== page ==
“Listen, I’m not trying to judge this or you or any of it. But I’m not going to explain it to my children. I think you should go,” I said. Sometimes you have to make a decision, even though it means you watch your heart walk right out the door.

Well, fast forward a few years. I was in line at Starbucks for a meeting with my publicist, since caramel-colored beverages fuel the best things about a writing career. To my great surprise, in line before me was my old friend, the marijuana guy. We exchanged pleasantries, and there was that once-over moment when you see someone you’ve dated, when you each do a quick analysis of the other to see who has fared better, who won the breakup.

“How are you? What’s going on? How are your kids?” he asked with that same twinkle and charisma that caught my eye in the first place.

“Things are good with us — the boys are resilient and tall and courageous, and I’m raising boys and writing books. Just released the second one, actually. How about you?”

“Oh, man, business is so good. Let me buy your drink today,” he said, as he pulled out a profoundly thick wad of cash. That’s when I remembered: Oh, that’s right. Marijuana is legal here now.

He said, “We have a 500-square-foot greenhouse now, and production is coming along nicely. I’m in the sales division, and we will have our recreational license soon, so the opportunities are endless. Business is really booming.”

I thought to myself, Let’s not kid ourselves. What you just said, in laymen’s terms, is that you have a warehouse of drugs and you’re making a lot of money dealing it to people who just want to have a good time. But I only smiled and said, “Well, welcome to the life you’ve always wanted.”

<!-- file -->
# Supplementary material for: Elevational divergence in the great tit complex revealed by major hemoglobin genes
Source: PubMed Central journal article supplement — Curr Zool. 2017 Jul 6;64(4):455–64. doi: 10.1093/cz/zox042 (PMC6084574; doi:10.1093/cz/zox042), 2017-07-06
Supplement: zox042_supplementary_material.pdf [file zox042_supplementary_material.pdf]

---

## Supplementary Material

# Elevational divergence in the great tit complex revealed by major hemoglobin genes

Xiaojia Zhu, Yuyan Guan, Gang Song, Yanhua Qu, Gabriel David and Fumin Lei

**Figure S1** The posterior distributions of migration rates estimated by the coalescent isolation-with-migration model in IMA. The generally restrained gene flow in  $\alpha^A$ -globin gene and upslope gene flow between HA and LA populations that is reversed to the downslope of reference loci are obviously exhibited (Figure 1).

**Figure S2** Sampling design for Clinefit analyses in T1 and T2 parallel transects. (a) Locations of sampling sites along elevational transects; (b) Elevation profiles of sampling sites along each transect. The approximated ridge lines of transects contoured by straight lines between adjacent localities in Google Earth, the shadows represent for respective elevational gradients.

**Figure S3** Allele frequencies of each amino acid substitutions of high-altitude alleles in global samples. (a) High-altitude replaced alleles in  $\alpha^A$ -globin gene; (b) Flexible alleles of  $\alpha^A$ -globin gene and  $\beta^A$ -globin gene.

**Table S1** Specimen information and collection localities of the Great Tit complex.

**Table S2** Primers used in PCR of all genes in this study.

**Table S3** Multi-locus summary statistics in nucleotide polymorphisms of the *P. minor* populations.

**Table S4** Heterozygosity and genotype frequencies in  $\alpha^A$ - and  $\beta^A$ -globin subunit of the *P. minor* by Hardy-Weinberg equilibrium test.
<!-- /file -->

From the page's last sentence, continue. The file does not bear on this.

The barista said, “Hey, where is your shop? When I turn twenty-one, I totally want to try it.”

He winked at her, flashing that charisma again, and he said, “I’ve got some samples in the car. For when you’re twenty-one.”

I know that this herbal therapy is really a tremendous benefit for the people who genuinely need it, for those with nothing to relieve their pain and offer palliative care for what they face. I get it, and I won’t stand between someone who literally and legitimately needs what those plants offer. But that is not what was happening before me, as evidenced by the samples for the barista. I have a friend who works in a mental health hospital, and he invests his life in fixing people who have tried such samples, thinking it was just a one-time gig. That’s a whole different something than “the legalization of marijuana for medical use.”

He gave a brief farewell tour before he left Starbucks, because he has a magnetic personality that draws people in. He had already made new friends in his short stint of waiting in line, and you never know who is a potential business contact when you’re “in the sales division.”

He flirted on out the door with helium in his bones and more cash than I’ve seen on one person. And I thought, I did the right thing all those years ago. 

And then I thought, I never thought I’d say this, but I’m drinking a macchiato purchased with drug money.